The placebo response is an integral component of almost any medical treatment, although it can be quite distinct from the pattern of response to the active pharmaceutical ingredient (API). For instance, the placebo response in depression tends to be abrupt, occurs early in treatment, and is less likely to persist, whereas the response to antidepressants tends to be gradual, occurs after several weeks, and is more likely to persist. Although as a society, we tend to attribute a therapeutic effect inordinately to the API, this finding highlights the importance of managing the entire context of treatment to the practice of medicine. By harnessing the potential of placebo to improve outcomes, we can design better therapies by optimizing for the placebo response as well as the response to API. Indeed, the ideal therapeutic for depression would be both fast-acting and have an enduring effect, which may be achieved by the combination of an effective placebo and an SSRI antidepressant.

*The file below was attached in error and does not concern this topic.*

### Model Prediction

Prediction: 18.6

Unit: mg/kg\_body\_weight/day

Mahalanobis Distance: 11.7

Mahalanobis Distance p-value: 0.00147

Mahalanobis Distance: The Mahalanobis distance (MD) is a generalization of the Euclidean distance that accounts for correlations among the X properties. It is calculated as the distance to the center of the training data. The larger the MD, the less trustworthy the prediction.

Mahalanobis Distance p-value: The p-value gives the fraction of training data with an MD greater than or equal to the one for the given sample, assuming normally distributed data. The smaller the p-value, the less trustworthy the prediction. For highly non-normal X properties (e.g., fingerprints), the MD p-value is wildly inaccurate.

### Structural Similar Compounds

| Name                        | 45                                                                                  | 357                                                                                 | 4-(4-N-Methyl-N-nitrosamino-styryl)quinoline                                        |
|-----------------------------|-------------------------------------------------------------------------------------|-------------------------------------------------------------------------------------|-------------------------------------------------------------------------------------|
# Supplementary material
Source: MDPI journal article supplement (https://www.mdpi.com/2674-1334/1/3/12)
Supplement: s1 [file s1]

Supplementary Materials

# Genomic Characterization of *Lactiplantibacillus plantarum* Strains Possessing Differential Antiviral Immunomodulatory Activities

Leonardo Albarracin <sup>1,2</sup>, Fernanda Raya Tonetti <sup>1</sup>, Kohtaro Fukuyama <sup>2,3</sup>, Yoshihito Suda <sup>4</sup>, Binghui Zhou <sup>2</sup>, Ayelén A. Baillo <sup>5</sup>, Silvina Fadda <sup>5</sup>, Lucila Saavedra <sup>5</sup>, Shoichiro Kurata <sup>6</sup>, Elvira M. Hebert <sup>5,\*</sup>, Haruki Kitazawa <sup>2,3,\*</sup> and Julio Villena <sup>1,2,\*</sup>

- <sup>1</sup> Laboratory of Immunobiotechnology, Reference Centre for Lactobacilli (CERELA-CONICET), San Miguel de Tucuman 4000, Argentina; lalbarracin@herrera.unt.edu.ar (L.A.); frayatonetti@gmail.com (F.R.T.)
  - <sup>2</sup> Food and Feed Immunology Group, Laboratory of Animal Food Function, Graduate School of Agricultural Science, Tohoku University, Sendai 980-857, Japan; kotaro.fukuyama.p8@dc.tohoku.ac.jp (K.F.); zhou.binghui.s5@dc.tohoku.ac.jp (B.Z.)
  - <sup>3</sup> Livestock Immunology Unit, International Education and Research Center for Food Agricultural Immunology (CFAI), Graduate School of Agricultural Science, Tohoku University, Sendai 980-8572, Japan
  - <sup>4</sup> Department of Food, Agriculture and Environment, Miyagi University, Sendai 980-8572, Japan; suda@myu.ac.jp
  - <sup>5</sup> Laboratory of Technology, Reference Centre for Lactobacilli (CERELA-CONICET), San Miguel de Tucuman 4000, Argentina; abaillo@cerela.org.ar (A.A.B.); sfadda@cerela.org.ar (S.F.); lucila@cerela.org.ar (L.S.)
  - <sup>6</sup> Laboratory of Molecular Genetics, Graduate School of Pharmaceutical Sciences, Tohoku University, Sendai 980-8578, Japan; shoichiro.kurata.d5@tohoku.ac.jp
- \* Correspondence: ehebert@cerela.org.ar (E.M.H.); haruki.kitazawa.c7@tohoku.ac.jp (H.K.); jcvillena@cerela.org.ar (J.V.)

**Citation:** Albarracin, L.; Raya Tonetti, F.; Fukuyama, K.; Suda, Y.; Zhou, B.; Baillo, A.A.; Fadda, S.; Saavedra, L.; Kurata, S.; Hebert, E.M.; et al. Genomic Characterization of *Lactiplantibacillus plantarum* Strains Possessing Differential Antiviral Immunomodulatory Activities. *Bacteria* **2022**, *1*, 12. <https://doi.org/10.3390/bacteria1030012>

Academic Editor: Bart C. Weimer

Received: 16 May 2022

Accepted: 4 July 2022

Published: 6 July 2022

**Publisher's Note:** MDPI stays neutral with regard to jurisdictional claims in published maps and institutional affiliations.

Similarly, we tend to ascribe much more value to objective measures of patient benefit than to subjective outcomes. Unfortunately, in doing so we may miss the forest for the trees. Although quality-of-life and pain are more difficult to quantify than physiological biomarkers, they tend to be more meaningful to patients. These subjective measures also happen to be those for which placebo moves the needle. In a 2011 study, asthma patients were randomly assigned to treatment with either an albuterol inhaler (a drug that opens the airways), a placebo inhaler, sham acupuncture (where needles are withdrawn before they touch the skin), or no intervention. Two endpoints were assessed: maximum forced expiratory volume (FEV; an objective measure of lung function), and self-reported ratings of improvement. Based on FEV, only albuterol was effective compared to no intervention. However, based on self-reported improvement, albuterol, placebo, and sham acupuncture were all equally effective and significantly better than no intervention.